April is Autism Awareness Month
Parents are grateful for the services offered at district schools
The common signs of autism
The hallmark feature of autism spectrum disorders is impaired social interaction. As early as infancy, a baby with ASD may be unresponsive to people or focus intently on one item to the exclusion of others for long periods of time. A child with ASD may appear to develop normally and then withdraw and become indifferent to social engagement.
Children with an ASD may fail to respond to their names and often avoid eye contact with other people.
They have difficulty interpreting what others are thinking or feeling because they can’t understand social cues, such as tone of voice or facial expressions, and don’t watch other people’s faces for clues about appropriate behavior. They may lack empathy.
Many children with an ASD engage in repetitive movements such as rocking and twirling, or in self-abusive behavior such as biting or head-banging.
They also tend to start speaking later than other children and may refer to themselves by name instead of “I” or “me.”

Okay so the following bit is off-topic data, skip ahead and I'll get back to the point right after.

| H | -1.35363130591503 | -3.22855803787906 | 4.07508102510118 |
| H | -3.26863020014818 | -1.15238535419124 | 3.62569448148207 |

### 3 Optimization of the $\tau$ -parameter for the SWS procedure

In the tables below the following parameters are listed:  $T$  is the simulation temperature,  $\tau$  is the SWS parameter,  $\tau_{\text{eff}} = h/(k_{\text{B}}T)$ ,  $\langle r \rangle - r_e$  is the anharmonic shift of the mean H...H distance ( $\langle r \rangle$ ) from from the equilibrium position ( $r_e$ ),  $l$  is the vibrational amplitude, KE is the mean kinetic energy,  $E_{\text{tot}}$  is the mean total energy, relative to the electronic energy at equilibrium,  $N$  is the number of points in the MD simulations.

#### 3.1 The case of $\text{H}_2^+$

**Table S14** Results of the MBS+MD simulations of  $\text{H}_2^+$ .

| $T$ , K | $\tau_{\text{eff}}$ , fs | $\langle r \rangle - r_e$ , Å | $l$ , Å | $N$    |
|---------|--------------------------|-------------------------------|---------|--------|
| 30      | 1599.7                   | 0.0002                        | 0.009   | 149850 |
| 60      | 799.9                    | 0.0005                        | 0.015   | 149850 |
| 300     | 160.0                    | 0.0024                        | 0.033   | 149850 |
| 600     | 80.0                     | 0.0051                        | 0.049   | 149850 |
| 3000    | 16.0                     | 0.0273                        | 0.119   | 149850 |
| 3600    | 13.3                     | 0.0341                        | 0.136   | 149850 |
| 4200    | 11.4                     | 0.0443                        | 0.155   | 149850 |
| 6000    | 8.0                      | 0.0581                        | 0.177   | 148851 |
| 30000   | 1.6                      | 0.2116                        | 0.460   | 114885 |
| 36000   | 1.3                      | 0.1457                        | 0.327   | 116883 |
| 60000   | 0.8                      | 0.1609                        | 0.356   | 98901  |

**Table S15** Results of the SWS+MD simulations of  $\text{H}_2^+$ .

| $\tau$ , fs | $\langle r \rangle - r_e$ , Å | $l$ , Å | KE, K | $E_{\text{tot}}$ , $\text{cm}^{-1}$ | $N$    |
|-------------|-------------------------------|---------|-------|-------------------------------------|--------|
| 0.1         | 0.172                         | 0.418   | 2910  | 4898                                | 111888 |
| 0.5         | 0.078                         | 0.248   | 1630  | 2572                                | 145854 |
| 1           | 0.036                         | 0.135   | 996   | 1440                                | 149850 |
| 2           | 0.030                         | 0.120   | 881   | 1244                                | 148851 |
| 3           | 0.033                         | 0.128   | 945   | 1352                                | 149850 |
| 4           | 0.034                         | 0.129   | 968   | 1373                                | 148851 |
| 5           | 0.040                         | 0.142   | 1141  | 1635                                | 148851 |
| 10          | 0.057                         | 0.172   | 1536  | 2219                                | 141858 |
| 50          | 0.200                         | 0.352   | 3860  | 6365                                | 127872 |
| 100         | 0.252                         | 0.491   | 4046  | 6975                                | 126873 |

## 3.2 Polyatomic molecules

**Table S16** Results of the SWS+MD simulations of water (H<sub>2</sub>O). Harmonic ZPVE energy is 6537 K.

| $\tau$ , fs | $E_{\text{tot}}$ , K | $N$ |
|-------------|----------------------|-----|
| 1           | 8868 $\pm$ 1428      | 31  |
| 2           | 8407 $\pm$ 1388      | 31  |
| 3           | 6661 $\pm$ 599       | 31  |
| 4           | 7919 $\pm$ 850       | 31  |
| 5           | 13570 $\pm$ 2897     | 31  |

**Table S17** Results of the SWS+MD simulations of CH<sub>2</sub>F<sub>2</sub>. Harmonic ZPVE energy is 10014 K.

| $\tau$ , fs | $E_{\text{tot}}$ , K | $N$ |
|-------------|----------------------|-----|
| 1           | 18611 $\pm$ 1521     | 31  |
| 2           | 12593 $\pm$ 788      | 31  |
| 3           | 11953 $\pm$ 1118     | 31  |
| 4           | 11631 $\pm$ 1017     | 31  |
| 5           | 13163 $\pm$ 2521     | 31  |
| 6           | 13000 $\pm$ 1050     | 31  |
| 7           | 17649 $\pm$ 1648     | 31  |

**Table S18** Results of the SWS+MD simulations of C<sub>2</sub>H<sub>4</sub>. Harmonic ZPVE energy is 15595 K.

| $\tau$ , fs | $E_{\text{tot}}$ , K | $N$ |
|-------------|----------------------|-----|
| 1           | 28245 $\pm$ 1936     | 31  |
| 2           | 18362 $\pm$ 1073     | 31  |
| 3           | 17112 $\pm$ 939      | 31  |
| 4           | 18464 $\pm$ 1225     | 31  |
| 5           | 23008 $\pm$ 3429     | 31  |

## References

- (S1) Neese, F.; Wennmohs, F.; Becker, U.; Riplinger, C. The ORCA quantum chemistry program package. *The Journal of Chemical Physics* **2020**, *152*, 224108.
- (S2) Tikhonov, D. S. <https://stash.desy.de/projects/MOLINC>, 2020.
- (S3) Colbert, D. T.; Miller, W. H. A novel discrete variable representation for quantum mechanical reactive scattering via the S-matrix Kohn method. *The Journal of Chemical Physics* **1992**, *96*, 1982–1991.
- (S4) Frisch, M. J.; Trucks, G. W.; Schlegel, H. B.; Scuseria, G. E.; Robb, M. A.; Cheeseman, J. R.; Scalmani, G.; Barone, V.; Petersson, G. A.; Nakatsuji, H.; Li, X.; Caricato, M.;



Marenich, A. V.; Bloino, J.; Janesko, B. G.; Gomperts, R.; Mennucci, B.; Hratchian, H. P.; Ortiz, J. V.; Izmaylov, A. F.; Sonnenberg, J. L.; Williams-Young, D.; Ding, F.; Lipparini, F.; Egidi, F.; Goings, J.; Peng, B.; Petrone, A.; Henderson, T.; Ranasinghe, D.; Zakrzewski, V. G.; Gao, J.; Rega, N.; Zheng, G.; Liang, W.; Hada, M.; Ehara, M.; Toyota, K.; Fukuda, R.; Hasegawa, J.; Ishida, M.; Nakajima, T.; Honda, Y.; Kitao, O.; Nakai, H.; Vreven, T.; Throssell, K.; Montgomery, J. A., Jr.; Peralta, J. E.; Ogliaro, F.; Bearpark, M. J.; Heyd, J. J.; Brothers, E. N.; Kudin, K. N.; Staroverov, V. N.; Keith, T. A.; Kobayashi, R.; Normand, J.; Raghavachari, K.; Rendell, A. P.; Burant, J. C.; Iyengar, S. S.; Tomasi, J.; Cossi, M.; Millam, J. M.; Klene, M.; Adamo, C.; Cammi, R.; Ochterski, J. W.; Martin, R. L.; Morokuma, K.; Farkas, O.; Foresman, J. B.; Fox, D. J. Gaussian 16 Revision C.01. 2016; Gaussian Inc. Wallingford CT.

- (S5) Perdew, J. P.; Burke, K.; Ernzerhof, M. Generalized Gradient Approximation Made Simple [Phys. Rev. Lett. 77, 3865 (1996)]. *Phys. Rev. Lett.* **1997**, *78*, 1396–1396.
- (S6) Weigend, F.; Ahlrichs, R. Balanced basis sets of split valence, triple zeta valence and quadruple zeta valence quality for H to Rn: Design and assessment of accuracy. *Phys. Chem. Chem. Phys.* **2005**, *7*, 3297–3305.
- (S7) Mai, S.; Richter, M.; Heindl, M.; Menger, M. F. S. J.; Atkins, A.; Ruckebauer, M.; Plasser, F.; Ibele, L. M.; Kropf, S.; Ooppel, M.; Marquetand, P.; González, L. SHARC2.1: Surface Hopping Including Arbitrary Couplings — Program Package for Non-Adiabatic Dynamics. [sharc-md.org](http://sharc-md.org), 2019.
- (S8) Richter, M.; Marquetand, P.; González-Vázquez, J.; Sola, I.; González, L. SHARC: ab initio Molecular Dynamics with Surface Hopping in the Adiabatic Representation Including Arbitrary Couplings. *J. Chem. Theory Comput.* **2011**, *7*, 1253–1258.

Children with an ASD don’t know how to play interactively with other children.
Some speak in a sing-song voice about a narrow range of favorite topics, with little regard for the interests of the person to whom they are speaking.
WEST MILFORD — April is Autism Awareness Month, a time dedicated to spreading awareness about this neurological disorder that affects millions.
New Beginnings, a school for children on the autism spectrum, has three annexes in West Milford: the Maple Road and Apshawa Elementary Schools and the Macopin Middle School.
What is autism?
Autism spectrum disorder (ASD) is a range of complex neurodevelopment disorders, characterized by social impairments, communication difficulties, and restricted, repetitive, and stereotyped patterns of behavior. Autistic disorder, sometimes called autism or classical ASD, is the most severe form of ASD, while other conditions along the spectrum include a milder form known as Asperger syndrome, and childhood disintegrative disorder and pervasive developmental disorder not otherwise specified (usually referred to as PDD-NOS). Although ASD varies significantly in character and severity, it occurs in all ethnic and socioeconomic groups and affects every age group.
- National Institute of Health
By the numbers
1 out of 88 children age 8 will have an ASD
Males are four times more likely to have ASD than females
- Centers for Disease Control and Prevention